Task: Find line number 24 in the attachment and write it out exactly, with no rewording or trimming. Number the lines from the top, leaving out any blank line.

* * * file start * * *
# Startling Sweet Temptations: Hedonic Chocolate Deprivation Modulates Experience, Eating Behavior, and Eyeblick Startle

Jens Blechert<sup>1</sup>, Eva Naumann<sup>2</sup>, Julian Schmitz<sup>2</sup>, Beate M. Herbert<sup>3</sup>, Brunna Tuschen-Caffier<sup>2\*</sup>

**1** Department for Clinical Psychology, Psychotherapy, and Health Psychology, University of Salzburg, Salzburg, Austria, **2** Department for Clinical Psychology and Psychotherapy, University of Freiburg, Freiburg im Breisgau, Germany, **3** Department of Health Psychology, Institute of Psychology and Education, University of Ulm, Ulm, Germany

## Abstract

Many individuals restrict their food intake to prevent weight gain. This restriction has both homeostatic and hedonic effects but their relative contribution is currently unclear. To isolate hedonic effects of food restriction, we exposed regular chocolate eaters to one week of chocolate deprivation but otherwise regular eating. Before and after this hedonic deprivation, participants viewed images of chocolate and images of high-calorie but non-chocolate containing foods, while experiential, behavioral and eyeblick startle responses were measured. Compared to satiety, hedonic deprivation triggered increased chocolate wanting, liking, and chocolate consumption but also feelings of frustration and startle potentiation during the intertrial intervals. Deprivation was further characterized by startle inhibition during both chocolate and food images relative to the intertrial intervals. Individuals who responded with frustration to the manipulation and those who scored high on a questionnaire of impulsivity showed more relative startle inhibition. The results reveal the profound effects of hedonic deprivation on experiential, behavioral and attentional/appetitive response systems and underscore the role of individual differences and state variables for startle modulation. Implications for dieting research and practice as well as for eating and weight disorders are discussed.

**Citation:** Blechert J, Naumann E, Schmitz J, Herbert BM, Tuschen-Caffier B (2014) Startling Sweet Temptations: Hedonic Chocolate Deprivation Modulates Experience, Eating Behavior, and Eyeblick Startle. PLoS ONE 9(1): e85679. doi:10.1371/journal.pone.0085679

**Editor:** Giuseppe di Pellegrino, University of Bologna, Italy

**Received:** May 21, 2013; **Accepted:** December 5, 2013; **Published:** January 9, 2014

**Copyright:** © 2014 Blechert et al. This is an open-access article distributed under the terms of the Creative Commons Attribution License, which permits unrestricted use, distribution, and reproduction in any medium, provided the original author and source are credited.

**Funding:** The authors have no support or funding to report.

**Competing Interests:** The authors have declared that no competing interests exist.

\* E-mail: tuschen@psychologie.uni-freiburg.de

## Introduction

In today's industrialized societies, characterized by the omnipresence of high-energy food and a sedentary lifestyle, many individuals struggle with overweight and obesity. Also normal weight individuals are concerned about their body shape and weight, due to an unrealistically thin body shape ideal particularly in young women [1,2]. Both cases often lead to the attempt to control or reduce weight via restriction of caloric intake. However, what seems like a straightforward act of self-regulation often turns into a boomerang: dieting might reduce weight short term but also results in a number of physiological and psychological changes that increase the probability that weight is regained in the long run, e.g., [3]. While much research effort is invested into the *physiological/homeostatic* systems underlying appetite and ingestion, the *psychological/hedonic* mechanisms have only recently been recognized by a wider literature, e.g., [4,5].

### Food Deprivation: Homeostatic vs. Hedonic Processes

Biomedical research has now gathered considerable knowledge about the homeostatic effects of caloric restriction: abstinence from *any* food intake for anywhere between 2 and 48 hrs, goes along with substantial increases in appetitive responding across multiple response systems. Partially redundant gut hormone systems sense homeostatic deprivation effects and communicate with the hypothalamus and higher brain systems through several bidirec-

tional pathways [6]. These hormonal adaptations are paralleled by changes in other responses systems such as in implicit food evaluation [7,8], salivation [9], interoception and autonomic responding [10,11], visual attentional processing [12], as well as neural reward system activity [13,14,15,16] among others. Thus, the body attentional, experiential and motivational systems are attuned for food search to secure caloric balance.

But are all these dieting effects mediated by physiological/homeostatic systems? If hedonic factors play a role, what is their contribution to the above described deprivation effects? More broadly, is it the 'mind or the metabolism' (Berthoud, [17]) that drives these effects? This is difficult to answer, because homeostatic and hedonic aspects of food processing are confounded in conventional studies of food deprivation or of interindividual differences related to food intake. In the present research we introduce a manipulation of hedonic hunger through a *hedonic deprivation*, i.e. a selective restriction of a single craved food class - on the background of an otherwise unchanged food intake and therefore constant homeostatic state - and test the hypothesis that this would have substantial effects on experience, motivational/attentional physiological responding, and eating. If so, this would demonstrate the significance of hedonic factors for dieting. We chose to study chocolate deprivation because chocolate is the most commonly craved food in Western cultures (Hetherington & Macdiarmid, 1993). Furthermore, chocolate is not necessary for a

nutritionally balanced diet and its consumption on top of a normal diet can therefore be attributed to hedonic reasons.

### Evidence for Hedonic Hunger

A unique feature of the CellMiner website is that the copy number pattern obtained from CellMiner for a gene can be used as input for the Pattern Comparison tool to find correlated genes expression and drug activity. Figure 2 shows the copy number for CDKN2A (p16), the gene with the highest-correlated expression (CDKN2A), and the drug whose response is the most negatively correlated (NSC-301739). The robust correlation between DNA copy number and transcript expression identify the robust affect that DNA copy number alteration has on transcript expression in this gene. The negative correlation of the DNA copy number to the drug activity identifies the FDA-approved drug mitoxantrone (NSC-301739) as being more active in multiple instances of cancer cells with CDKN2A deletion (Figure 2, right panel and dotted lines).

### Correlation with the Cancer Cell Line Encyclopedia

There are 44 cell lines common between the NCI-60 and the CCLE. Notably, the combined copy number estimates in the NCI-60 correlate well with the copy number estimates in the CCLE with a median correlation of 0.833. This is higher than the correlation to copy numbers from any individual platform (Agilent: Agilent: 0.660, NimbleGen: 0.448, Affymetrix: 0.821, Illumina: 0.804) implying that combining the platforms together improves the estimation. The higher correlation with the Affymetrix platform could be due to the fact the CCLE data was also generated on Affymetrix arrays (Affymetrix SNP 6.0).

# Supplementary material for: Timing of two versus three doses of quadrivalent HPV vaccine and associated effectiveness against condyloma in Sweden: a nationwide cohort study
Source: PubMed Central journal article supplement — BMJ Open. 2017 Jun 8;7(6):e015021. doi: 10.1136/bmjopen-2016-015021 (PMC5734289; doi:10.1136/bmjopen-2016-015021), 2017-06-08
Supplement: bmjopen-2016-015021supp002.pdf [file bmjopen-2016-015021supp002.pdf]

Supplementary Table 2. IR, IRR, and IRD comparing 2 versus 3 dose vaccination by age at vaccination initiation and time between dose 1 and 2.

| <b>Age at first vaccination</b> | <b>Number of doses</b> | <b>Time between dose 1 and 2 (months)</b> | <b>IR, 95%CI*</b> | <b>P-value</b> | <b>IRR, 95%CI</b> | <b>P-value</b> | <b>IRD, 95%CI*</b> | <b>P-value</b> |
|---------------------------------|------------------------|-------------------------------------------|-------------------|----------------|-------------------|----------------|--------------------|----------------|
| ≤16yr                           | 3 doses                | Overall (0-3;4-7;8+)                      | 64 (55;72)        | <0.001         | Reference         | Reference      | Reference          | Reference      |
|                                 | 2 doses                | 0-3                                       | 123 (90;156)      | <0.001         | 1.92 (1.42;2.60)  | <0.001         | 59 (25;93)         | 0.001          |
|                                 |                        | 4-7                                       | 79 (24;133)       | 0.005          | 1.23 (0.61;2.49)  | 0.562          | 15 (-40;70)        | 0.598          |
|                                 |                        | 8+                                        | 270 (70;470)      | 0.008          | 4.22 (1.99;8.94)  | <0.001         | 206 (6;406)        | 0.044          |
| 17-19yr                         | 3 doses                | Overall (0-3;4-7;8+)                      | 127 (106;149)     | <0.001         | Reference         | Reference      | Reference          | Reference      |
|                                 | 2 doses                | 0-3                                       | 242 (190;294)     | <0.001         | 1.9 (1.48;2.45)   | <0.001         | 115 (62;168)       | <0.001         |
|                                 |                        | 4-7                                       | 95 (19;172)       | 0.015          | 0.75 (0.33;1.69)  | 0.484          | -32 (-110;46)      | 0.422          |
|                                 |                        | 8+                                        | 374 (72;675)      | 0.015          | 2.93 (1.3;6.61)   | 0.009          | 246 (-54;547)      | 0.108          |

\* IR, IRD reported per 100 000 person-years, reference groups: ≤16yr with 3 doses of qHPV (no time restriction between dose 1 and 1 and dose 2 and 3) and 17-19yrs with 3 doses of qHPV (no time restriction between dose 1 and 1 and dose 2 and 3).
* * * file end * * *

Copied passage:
# Supplementary material for: Timing of two versus three doses of quadrivalent HPV vaccine and associated effectiveness against condyloma in Sweden: a nationwide cohort study